championships review


Friday was definitely a great day to be a hip-hop fan. Meek Mill, Lil’ Baby and a few other artists all dropped their new projects at once and yes, they’re all fire. But we know which one you really want to talk about right now―Tech 9ine’s Planet. Just kidding. Let’s talk about Meek Mill’s Championships.

It’s almost ironic that Meek Mill and Tekashi 6ix9ine dropped their albums one after the other having had two very different years. One came out of jail celebrated as a hero and voice for the people, while the other is fighting for freedom with his life on the line. Yes, their paths couldn’t be more different but the same applies to their projects.

Meek Mill’s fourth studio album titled Championships, his first since being released from prison,is arguably the album of the year. Wins and Losses gave us an older, wiser and much more mature Meek Mill. Championships follows the same vibe, with Meek addressing a variety of social issues and providing some elevated woke content. From prison reform, financial inequalities and his own struggle dealing with his freedom being denied him by a black judge, Meek Mill doesn’t hesitate to get controversial. 

As always, Meek’s intro is like a nuclear blast that sets the mood for the entire album. This is where Meek Mill shines the most and he didn’t disappoint. His aggressive delivery on a sample of Phil Collins’ In the Air Tonight results in a powerful roar comprising street poetry and storytelling.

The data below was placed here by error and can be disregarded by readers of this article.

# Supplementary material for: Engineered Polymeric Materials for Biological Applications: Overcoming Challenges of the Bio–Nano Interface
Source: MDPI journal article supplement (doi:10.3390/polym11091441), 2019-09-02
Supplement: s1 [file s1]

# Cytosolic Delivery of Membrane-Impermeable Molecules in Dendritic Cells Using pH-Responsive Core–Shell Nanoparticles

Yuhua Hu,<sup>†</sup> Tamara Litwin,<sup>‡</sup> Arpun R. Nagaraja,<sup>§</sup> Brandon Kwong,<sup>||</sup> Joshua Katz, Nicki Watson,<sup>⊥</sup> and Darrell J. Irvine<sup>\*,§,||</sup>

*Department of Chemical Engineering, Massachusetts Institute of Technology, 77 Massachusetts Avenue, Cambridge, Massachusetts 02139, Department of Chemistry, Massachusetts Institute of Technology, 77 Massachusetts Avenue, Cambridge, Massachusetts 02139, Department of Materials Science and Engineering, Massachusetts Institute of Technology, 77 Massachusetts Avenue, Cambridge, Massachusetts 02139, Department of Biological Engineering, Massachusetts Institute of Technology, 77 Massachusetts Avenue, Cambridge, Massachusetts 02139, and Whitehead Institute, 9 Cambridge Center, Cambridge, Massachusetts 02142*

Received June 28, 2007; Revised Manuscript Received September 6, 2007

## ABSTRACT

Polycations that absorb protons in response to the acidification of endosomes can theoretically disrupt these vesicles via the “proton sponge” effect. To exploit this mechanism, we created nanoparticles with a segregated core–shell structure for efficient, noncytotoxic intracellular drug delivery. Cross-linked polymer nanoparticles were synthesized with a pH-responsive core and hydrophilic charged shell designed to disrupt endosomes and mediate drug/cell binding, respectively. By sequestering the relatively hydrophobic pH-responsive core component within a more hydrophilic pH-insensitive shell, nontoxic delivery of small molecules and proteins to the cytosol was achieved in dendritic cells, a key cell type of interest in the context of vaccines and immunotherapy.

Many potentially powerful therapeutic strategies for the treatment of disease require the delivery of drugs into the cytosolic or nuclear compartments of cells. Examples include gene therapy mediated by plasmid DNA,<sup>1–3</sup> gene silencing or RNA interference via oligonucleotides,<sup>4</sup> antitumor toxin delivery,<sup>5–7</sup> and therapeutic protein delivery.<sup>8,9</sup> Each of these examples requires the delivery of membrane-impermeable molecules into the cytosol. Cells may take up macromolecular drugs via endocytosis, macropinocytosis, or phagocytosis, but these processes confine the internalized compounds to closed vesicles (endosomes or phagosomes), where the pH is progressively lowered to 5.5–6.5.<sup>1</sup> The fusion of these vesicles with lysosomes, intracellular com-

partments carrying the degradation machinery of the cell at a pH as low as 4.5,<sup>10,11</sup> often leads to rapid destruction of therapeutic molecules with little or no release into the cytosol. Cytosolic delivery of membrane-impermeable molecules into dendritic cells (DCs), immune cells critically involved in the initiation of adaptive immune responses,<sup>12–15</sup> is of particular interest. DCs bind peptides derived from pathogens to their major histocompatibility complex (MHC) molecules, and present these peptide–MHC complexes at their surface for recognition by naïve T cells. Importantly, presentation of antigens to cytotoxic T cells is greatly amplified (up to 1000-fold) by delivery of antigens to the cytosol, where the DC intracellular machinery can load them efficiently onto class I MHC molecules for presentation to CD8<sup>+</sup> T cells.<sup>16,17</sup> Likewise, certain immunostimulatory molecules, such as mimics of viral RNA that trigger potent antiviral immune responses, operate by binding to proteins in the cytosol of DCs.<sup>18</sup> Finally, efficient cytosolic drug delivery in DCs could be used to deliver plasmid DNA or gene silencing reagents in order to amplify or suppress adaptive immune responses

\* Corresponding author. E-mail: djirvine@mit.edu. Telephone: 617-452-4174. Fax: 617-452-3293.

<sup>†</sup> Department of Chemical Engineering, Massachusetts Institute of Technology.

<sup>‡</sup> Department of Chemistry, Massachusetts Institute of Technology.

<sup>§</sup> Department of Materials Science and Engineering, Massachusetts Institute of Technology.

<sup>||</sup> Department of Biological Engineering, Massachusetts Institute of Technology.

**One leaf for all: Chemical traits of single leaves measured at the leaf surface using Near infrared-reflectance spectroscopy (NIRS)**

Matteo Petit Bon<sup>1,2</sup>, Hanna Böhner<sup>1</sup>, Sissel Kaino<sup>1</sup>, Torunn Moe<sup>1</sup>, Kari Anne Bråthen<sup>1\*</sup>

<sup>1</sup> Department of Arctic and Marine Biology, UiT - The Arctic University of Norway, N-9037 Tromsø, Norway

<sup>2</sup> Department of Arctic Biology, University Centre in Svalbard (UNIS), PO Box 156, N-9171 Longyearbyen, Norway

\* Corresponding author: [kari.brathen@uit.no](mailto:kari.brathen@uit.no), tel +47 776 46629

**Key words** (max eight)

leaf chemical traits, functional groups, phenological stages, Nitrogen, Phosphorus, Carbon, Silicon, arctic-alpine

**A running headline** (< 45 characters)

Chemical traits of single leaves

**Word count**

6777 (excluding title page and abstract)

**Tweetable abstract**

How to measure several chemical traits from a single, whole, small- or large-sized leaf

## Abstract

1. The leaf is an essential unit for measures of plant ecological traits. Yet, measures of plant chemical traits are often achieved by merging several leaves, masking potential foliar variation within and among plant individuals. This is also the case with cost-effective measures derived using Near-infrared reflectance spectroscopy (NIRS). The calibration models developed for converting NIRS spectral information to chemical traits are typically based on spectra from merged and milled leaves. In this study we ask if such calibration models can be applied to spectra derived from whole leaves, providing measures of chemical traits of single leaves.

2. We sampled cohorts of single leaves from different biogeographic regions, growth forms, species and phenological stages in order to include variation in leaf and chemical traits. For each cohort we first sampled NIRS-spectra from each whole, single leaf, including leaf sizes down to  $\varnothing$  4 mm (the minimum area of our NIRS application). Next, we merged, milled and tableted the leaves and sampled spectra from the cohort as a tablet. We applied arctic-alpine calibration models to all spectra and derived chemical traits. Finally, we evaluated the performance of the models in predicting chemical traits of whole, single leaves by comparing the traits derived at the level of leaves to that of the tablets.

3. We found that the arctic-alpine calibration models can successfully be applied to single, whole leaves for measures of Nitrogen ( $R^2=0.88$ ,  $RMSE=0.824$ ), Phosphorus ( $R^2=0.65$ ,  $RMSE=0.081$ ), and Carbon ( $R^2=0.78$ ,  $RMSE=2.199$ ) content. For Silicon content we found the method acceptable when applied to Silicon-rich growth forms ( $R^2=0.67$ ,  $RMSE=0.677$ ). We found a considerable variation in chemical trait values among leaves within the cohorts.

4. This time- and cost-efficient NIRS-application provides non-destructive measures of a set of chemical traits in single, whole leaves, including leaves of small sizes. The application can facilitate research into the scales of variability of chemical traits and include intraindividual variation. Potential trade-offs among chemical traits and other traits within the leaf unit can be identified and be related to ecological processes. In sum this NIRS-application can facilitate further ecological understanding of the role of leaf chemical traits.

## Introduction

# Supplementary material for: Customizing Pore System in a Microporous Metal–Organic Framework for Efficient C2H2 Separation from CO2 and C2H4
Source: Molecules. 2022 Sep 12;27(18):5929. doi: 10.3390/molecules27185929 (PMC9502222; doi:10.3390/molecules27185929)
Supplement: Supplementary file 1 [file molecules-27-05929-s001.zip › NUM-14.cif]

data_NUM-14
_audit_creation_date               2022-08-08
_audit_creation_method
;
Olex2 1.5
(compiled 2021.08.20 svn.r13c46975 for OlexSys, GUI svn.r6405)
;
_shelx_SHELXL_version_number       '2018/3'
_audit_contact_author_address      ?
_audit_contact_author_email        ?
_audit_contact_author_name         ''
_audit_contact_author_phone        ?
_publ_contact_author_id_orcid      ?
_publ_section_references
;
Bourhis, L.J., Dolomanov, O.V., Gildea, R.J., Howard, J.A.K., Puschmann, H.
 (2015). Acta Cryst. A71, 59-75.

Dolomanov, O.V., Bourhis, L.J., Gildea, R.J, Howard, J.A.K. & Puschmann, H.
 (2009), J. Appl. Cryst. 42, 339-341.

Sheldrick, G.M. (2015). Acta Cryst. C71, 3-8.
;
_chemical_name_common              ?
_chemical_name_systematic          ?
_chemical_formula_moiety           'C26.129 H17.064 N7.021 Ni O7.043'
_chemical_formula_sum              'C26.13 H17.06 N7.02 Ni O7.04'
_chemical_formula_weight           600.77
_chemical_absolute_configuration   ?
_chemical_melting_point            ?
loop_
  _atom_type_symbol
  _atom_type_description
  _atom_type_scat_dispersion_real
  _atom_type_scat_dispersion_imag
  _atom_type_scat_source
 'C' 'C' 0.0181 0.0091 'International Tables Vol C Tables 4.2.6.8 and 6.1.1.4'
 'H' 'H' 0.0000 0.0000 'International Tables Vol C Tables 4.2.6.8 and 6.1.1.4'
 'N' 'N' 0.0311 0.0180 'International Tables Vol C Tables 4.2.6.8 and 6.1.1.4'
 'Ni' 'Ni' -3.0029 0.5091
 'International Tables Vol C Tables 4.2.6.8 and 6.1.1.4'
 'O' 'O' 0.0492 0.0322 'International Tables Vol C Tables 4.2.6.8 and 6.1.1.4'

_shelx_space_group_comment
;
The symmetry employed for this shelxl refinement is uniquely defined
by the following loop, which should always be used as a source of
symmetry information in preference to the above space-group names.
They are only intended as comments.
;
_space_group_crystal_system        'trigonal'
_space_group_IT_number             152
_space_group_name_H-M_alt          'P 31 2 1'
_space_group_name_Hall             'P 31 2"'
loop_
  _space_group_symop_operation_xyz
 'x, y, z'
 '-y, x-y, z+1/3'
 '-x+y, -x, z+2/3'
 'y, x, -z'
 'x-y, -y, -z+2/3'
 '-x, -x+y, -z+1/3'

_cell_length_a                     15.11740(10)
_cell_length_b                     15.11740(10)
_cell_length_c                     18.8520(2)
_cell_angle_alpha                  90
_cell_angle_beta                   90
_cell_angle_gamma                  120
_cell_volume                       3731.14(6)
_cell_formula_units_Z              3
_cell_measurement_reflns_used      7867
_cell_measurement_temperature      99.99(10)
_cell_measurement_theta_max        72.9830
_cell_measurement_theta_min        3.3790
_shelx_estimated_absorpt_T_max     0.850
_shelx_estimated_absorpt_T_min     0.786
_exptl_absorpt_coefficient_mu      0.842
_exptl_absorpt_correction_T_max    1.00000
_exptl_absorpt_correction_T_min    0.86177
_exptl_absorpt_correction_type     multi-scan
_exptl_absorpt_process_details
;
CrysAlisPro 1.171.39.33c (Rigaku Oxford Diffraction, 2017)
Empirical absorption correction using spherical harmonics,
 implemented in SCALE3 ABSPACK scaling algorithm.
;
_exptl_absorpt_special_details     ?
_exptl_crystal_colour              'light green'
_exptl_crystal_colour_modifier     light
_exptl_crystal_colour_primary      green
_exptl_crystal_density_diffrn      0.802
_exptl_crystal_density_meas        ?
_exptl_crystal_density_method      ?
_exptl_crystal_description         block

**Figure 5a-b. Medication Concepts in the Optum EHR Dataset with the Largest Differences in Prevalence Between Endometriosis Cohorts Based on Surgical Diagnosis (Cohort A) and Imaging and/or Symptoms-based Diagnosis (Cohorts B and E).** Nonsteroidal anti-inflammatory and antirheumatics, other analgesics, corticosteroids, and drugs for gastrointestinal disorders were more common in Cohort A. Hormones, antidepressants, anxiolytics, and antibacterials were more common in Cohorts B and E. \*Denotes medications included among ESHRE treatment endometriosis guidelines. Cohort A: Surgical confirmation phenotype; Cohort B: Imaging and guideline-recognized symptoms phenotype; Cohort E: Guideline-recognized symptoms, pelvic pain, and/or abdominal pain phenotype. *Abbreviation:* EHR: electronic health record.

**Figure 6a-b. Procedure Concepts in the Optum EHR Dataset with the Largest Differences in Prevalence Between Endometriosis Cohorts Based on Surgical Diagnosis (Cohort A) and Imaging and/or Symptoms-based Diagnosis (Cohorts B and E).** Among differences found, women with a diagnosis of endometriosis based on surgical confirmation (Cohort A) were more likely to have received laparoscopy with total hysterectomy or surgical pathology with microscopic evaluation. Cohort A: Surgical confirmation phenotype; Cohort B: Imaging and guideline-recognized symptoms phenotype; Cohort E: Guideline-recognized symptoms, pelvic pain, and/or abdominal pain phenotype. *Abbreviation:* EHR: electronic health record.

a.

Besides the great production and astonishing street wordplay, Championships is also supported by great features. Jay Z, Rick Ross, Young Thug and 21 Savage all make an appearance on the project and freaking slay their parts but the true surprise is the addition of Aubrey Graham himself. “Me and Drizzy back to back, that shit is scary”. The idea of them two working together seemed unrealistic just a year ago. What a great time to be alive indeed. Last, but not least, Cardi B makes an appearance as well and retaliates at Meek Mill’s ex after Nicki Minaj took shots at her on 6ix9ine’s album. Coincidence?

That being said, everyone will be talking about Jay Z’s verse on What’s Free, a verse that might as well be considered verse of the year. Jay-Z even refers to his relationship with Kanye West, confirming that nothing (especially not a red hat) will ever get in between the love the man he considers his little brother. On that same song, Rick Ross addresses Tekashi 6ix9ine’s court case, not to support him but rather to troll the New York rapper. Whereas Meek was a victim of a flawed and bias system, Rick Ross clearly doesn’t feel the same applies to Tekashi who a lot of people have a hard time feeling sorry for.

There’s no other way to put it. Championships might just be the Album of the Year. Yes, even more so than Astroworld. Needless to say, Meek Mill has cemented his spot among the greatest rappers in the 2010’s.